My first wish is to see this plague of mankind, war, banished from the earth.
When Laurie and I lived in New Jersey we spent two years in Morristown. The city is noted for being the headquarters of George Washington for two separate winters during the Revolutionary War. His in-town headquarters for the second stay, Ford Mansion, is part of the Morristown National Historical Park. If you’re in the area around Christmas, be sure to visit and see it decorated for the holidays.
During the winter of 1779-80 Washington’s Continental Army was encamped at Jockey Hollow, just south of Morristown. Most American schoolchildren learn about the brutal winter the army spent in Valley Forge, Pennsylvania but know nothing about Jockey Hollow, which in many measures was worse. In Jockey Hollow, the force of ten thousand plus soldiers endured some of the harshest conditions of the war—including at least 20 snowstorms that cut off supply lines. One private wrote, “The weather was cold enough to cut a man in two.”
I must say that I find the history of our former residence is impressive, but their mountains—not so much. Within the confines of Jockey Hollow is Mount Kemble, which we failed to find during a morning hike. Maps show that Mount Kemble is 705 feet high. In Washington State, we wouldn’t even classify that as a foothill.
One thing that is fascinating is the leadership that General Washington used in preserving an underfunded, undermanned army. A visible example is related to the recreated soldier’s huts at Jockey Hollow. Washington ordered the huts of the enlisted men be built first. Only after they were completed, could the officer’s huts be built. I wish that more modern leaders followed that type of example.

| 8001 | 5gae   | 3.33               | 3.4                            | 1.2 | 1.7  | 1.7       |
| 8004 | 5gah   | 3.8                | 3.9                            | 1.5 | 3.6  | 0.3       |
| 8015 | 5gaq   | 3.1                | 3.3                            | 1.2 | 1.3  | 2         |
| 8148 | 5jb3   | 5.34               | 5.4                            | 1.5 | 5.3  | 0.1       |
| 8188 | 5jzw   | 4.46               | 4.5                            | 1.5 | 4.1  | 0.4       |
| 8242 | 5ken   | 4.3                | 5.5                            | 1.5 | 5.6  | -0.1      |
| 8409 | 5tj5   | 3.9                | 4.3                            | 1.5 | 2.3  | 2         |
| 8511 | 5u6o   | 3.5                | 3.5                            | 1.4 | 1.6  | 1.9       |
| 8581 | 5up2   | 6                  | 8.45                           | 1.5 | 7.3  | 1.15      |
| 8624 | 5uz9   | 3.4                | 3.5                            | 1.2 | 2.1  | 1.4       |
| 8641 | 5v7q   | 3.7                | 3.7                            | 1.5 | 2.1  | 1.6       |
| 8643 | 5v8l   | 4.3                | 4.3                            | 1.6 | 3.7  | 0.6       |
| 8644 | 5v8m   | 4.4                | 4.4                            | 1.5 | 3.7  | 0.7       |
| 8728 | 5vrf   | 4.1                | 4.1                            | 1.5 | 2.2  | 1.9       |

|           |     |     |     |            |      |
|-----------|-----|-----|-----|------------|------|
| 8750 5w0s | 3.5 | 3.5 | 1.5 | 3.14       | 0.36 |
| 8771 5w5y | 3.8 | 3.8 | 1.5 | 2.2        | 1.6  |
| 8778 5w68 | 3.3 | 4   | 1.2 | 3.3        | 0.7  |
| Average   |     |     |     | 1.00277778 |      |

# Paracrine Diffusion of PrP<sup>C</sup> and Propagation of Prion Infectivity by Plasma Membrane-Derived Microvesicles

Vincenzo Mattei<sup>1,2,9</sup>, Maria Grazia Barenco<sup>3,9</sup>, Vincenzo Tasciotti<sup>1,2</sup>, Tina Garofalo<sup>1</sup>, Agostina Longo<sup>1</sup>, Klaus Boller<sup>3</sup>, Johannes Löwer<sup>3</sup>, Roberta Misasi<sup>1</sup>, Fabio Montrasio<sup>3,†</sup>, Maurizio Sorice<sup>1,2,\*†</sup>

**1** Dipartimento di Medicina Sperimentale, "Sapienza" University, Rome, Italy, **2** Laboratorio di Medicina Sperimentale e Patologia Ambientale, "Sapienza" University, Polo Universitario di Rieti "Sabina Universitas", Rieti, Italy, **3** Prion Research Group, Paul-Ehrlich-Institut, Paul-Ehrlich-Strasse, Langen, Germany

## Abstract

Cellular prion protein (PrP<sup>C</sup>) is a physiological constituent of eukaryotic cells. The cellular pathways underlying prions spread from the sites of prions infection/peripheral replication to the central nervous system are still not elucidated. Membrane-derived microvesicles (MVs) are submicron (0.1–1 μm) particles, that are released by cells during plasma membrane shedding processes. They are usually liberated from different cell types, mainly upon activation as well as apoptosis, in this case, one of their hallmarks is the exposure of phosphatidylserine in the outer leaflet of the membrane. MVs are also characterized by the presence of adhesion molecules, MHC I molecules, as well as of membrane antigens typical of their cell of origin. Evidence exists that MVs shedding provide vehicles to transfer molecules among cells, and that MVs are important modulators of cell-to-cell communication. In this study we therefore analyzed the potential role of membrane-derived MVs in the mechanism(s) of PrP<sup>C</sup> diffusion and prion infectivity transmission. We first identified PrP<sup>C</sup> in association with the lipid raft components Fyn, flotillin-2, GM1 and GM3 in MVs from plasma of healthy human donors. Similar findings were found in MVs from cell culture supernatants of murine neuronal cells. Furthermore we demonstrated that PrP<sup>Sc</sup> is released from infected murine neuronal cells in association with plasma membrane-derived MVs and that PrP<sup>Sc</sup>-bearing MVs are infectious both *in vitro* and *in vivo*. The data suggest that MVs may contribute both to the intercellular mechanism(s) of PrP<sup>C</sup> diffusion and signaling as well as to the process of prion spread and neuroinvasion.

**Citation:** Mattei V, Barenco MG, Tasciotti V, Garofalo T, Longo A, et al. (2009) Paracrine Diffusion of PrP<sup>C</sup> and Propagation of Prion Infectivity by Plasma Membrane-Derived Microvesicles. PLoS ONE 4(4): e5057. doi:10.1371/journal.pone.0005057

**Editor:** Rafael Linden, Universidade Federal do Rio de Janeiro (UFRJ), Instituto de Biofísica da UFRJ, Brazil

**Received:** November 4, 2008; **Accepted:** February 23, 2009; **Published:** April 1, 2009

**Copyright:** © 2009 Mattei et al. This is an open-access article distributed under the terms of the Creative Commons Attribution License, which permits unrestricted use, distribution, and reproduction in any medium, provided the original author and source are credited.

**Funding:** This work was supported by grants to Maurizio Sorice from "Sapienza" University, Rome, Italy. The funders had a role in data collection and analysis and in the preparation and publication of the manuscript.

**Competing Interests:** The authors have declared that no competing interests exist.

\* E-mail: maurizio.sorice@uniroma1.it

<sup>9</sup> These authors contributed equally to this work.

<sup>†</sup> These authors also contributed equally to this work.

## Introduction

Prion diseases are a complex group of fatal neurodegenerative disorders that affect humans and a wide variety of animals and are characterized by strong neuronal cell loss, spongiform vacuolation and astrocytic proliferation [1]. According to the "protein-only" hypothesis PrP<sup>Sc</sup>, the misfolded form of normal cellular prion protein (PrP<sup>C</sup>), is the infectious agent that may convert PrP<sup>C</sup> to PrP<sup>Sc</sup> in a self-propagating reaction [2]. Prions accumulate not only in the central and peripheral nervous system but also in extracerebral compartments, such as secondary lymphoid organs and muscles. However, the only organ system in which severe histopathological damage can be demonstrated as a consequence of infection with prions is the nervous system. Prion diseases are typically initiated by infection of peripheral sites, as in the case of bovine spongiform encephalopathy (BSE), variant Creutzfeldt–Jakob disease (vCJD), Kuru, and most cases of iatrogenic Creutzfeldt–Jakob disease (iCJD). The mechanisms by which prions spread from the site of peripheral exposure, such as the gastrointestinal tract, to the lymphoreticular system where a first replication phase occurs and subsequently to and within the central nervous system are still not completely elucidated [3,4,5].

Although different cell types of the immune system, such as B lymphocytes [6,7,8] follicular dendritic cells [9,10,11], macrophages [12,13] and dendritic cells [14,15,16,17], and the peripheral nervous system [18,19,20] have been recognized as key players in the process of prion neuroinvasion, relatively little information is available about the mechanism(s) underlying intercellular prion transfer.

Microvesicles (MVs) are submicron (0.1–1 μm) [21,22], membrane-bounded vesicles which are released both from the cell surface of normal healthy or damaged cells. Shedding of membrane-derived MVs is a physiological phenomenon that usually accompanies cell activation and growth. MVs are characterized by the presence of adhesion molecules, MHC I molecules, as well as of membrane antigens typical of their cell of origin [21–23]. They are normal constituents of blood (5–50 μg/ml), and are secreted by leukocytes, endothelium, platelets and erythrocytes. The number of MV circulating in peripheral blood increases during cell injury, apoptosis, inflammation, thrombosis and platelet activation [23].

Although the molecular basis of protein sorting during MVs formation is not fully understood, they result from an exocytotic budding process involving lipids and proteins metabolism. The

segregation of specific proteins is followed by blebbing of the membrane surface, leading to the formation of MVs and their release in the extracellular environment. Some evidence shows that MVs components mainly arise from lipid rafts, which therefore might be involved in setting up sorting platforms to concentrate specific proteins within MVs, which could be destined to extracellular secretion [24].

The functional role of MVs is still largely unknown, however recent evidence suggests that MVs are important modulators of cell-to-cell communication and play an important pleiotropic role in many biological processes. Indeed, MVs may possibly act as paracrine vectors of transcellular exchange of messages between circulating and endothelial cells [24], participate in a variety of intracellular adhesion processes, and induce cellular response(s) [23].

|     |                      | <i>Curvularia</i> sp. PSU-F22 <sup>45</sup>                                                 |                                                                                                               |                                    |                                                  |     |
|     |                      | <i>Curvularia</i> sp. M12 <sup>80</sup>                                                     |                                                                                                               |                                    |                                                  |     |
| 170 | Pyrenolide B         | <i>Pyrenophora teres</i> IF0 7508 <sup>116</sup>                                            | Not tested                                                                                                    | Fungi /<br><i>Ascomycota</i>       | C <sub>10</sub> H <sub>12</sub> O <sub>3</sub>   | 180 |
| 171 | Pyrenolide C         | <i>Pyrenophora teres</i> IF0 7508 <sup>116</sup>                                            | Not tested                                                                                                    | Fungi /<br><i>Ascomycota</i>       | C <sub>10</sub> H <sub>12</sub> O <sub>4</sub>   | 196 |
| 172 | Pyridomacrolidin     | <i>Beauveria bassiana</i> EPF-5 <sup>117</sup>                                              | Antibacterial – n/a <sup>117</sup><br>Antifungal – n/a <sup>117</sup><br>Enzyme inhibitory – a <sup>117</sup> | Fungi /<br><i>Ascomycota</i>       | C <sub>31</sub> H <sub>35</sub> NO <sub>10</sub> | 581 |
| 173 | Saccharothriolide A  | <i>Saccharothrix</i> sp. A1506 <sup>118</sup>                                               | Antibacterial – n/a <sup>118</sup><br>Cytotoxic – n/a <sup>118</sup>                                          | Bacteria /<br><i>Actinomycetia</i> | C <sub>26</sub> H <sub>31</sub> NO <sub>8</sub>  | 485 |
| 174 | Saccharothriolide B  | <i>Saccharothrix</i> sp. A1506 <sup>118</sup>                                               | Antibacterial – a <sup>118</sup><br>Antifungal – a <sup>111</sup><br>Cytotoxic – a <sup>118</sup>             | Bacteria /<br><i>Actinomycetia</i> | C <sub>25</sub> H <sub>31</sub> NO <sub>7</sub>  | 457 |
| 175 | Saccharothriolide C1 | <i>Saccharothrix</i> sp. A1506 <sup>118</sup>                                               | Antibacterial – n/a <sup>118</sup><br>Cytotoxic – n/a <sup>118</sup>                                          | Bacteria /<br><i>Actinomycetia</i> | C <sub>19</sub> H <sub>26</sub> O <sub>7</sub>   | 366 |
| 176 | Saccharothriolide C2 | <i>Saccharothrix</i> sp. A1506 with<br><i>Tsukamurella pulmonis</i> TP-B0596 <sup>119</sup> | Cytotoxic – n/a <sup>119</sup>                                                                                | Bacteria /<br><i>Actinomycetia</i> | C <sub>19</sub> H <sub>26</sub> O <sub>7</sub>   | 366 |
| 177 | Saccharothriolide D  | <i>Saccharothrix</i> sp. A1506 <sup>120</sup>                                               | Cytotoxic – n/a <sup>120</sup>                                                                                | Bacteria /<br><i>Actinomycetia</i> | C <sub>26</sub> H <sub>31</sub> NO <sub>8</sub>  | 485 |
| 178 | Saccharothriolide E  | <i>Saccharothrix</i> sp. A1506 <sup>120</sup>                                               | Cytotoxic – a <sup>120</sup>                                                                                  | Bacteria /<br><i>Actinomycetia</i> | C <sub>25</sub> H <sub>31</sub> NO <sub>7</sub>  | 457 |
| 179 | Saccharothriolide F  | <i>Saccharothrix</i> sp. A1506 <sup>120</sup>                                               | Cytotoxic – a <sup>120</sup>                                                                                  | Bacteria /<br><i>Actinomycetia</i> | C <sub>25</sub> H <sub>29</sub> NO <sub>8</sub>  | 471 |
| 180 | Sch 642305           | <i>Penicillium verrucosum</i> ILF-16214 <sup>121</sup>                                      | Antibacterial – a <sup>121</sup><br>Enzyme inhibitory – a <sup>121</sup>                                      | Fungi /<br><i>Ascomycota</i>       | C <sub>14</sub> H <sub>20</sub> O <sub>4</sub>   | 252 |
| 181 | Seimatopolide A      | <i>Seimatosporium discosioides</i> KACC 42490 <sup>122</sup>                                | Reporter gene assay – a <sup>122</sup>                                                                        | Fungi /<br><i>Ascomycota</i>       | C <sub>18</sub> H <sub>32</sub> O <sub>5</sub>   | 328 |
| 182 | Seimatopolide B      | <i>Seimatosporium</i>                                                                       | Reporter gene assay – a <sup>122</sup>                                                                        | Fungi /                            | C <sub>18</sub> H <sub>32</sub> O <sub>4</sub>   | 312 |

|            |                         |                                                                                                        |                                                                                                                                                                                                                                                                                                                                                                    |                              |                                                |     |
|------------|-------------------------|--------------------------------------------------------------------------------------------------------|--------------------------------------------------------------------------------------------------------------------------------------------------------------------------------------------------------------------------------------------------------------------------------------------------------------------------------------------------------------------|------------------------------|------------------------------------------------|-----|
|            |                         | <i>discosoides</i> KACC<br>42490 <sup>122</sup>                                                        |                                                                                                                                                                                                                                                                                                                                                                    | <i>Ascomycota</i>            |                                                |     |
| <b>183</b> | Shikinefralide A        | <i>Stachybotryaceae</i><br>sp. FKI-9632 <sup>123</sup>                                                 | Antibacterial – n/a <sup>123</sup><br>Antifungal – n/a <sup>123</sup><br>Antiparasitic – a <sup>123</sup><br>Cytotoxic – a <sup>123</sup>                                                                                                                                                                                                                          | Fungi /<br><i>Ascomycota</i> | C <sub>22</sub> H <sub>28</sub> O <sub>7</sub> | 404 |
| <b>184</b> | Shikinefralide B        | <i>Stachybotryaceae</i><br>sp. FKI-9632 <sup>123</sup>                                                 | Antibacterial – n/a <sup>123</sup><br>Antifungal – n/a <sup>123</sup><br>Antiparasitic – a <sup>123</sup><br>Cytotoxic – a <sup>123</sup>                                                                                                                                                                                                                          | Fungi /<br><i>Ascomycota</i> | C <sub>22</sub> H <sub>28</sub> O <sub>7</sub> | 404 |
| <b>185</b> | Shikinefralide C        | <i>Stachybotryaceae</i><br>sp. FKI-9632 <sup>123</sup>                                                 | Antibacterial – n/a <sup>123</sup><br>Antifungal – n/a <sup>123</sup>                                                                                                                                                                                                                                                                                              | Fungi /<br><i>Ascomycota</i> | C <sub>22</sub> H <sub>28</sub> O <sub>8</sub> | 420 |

We were glad to see that downtown Morristown is doing well since we left in 1994. The village green where the Continental Army used to drill has new monuments to accompany the old. Empty storefronts have been filled with new businesses. We found a friendly place to grab a craft beer—and a spacious Starbucks. Most of the old restaurants we used to frequent are now gone, but Portofino’s, one of our favorites, has expanded twice since we left. And Friendly’s, a regional ice cream chain is still going strong. We met our friends Chuck and Melissa there and had a chance to catch up on what’s been going on since we last saw each other over 20 years ago.
We had great experiences and met great friends during our two years in Morristown. It’s one of those towns largely unknown but worth a visit. And if you go to Jockey Hollow and take a walk through the ghosts of our forefather’s encampments—maybe you can find the elusive Mount Kemble.
- Portofino’s Italian restaurant is located at 29 Mills Street in Morristown. They don’t have a liquor license but you can bring your own, which helps make a reasonably priced meal even more reasonable. And they still serve Chicken Portofino which was one of our favorites. Here’s the recipe from the local newspaper in the early ‘90’s: Chicken Portofino
- For more information about Revolutionary War Morristown visit http://www.njskylands.com/hsmtnhp
Trip Update. We’re now in Chicago and only a few days from setting out on Route 66, the Mother Road.